Story of a Transfiguration icon.

Feast of the Transfiguration of Christ

This mosaic dating from the 6th century is in the apse of the great basilica at St. Catherine’s Monastery, Mt. Sinai, built by Emperor Justinian before 565. I found it when I was looking at icons on the internet of Christ’s Transfiguration, which we commemorate today.

I also watched a fascinating video, the Conservation of the Transfiguration Mosaic, featuring an informal and entertaining lecture by an eminent Italian archeologist, conservationist and expert on mosaics, Roberto Nardi. It is informal in that he does not read a paper, but gives the best kind of commentary on the extensive video footage shown. The video is from 2012, so maybe I am one of the last to see it.

He starts with the history of the monastery, which he admits goes back to Moses and the burning bush, on through St. Helen and St. Justinian; the mosaic was installed soon after the church was built. In 1847 a Russian monk named Samuel did a huge amount of restoration work on the mosaic, and in 1957 archeologists sounded an alarm about its deteriorating condition, but it lasted 50 more years to the point where this 5-year project began. By then, 20,000 tiles were missing (though of course monks had saved them in boxfuls), which equaled 4% of the total, and a great number of the remainder were no longer actually attached to the base layer.

I could watch this video over and over, all the tedious detail work so well documented. What they did about the missing tiles (shown as white spots in the picture just above) was the outworking of a series of complex deliberations.  I hope you will check out at least a bit of the video, because I don’t know where to stop, telling you all the things about this long project that impress me. How the conservators came to learn to appreciate the experience and perspective of the monks — the ones who live with the icon and pray with it every day — was a touching part of the story. The pictures I show you are just teasers, blurry because I took them of the video on my desktop computer monitor.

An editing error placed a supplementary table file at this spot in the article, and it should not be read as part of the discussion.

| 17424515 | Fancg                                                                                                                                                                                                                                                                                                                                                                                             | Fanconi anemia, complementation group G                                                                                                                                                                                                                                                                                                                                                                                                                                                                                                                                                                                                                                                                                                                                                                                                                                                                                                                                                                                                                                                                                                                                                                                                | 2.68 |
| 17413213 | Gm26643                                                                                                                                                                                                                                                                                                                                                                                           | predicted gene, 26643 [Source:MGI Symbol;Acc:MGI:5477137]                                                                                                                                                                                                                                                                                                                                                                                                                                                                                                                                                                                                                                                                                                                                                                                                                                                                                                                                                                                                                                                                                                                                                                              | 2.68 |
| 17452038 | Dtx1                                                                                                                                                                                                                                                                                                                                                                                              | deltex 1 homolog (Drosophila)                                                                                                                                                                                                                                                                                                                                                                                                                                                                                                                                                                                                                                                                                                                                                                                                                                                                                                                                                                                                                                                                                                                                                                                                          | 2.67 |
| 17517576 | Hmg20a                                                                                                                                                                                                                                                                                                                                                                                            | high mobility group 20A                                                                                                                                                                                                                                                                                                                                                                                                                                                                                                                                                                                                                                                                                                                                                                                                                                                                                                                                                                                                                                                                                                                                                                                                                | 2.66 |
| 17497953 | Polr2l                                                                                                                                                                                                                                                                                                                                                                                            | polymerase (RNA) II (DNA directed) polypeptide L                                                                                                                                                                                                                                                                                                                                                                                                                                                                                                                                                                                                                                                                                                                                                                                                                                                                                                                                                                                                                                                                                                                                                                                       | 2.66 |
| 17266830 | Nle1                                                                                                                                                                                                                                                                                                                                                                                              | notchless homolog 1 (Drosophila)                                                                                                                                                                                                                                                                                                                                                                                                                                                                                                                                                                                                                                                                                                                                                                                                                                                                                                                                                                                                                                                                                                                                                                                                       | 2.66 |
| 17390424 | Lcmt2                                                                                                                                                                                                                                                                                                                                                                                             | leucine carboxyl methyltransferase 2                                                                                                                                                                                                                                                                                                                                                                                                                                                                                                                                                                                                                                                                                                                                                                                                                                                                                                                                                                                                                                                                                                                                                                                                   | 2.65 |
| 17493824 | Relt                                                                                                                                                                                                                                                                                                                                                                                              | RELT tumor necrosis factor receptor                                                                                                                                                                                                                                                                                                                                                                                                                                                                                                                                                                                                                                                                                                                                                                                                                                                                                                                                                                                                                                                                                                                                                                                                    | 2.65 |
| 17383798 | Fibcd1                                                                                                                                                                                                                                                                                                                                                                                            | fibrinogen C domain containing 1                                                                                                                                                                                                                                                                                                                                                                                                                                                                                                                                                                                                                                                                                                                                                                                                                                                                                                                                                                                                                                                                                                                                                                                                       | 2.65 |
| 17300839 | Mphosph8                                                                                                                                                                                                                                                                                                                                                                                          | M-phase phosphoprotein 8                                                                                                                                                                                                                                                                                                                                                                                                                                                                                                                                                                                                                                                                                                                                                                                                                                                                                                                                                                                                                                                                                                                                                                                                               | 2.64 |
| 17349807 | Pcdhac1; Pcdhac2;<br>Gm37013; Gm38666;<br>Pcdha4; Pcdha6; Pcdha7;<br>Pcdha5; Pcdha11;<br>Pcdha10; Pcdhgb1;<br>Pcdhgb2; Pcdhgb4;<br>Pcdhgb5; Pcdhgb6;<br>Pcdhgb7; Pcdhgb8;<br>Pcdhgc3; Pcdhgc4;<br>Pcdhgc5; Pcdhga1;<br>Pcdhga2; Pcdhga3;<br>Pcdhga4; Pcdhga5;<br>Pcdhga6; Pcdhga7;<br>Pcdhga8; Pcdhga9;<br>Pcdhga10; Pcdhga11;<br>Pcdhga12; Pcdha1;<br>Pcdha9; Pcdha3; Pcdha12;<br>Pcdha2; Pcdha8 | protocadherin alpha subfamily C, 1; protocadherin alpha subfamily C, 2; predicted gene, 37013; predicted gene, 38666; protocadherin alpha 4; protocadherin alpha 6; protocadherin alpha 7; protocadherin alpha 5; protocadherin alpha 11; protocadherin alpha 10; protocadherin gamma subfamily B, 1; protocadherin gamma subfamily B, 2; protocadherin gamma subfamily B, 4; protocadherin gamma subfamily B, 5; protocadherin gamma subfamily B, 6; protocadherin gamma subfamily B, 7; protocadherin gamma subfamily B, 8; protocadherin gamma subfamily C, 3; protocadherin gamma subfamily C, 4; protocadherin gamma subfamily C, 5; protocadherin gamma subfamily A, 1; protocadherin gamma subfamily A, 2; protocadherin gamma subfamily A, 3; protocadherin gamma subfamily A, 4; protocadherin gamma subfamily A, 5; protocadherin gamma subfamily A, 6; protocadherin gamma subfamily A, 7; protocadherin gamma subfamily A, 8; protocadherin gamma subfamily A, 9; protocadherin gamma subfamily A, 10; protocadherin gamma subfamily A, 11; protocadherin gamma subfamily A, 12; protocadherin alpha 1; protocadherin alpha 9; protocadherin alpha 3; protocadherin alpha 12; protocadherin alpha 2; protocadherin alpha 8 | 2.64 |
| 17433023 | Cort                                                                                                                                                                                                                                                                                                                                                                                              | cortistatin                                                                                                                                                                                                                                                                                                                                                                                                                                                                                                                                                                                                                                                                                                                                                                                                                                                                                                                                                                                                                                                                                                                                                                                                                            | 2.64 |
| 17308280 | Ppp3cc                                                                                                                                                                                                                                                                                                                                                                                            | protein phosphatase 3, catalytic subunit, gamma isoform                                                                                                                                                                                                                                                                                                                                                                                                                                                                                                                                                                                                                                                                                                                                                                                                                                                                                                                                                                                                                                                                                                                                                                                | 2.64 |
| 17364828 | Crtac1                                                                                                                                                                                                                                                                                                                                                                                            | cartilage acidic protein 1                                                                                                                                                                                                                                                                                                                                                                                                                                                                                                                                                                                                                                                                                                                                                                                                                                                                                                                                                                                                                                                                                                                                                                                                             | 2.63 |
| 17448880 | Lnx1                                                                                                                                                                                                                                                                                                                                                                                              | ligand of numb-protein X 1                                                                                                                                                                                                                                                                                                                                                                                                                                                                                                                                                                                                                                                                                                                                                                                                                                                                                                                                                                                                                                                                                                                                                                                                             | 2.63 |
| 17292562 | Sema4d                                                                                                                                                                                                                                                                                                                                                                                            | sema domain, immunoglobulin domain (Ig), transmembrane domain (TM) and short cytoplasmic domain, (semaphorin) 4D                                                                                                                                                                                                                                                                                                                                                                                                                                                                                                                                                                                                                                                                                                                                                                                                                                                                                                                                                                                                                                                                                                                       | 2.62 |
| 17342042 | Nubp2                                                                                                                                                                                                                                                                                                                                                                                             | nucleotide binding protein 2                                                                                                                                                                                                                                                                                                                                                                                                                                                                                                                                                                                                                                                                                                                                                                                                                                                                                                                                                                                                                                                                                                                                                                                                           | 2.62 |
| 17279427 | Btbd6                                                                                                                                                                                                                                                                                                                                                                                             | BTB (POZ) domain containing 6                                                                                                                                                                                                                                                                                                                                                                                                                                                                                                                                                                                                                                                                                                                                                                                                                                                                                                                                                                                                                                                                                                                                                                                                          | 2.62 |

Back in the U.S.A., our parish celebrated the feast with all the important elements intact. If you want to read more content on the feast itself you can find a lot from past years here. I don’t always get to be part of the procession through the church vineyard, and sometimes I have forgotten to bring a basket of fruit, but today I managed both!

The monks celebrating the Divine Liturgy under the icon of the Transfiguration at Mt. Sinai, and the Orthodox parishioners in California — we are all singing this hymn of the feast:

O Lord, we will walk in the light of Thy countenance,
and will exult in Thy Name forever.
(Ps. 88:15)

Icon of the Transfiguration, St. Catherine’s Monastery, Mt. Sinai

7 thoughts on “Story of a Transfiguration icon.

  1. The mosaics are amazing! There is a big Greek church here in Cincinnati, walls and apse are beautiful mosaic icons. This is one of my favorite feasts!


  2. At first I thought, “An hour? I don’t think I have the time.” Then, I saw that it was produced by the Getty Conservation Institute, and I thought, “I’ll make time.” It may be a while before I get to it, but I have it saved to watch.


    1. It’s hard to say what aspects of the video and project most captivate me, but the overall engagement of the fifteen conservationists with such a venerable work of art, for five years, must have been a powerful experience for them, and the thought of it is vicariously very moving . The intimacy with the original artists and all previous caretakers and pray-ers, it being, as acknowledged, “an instrument of prayer”; combined with their own careful work, must have caused their love to grow and deepen.

      I hope if you have any thoughts on the project after watching the video, you will come back here, no matter how “late,” and share them.

      Liked by 1 person

  3. Wow. That mosaic is amazing! And such intricate detail! I have saved that video to watch later (I’ve watched some of it already). And your church has a vineyard?? Luckyyy. I’m so jealous (I know, not good!). Glad you made it to the procession and brought the fruit this time! 🙏


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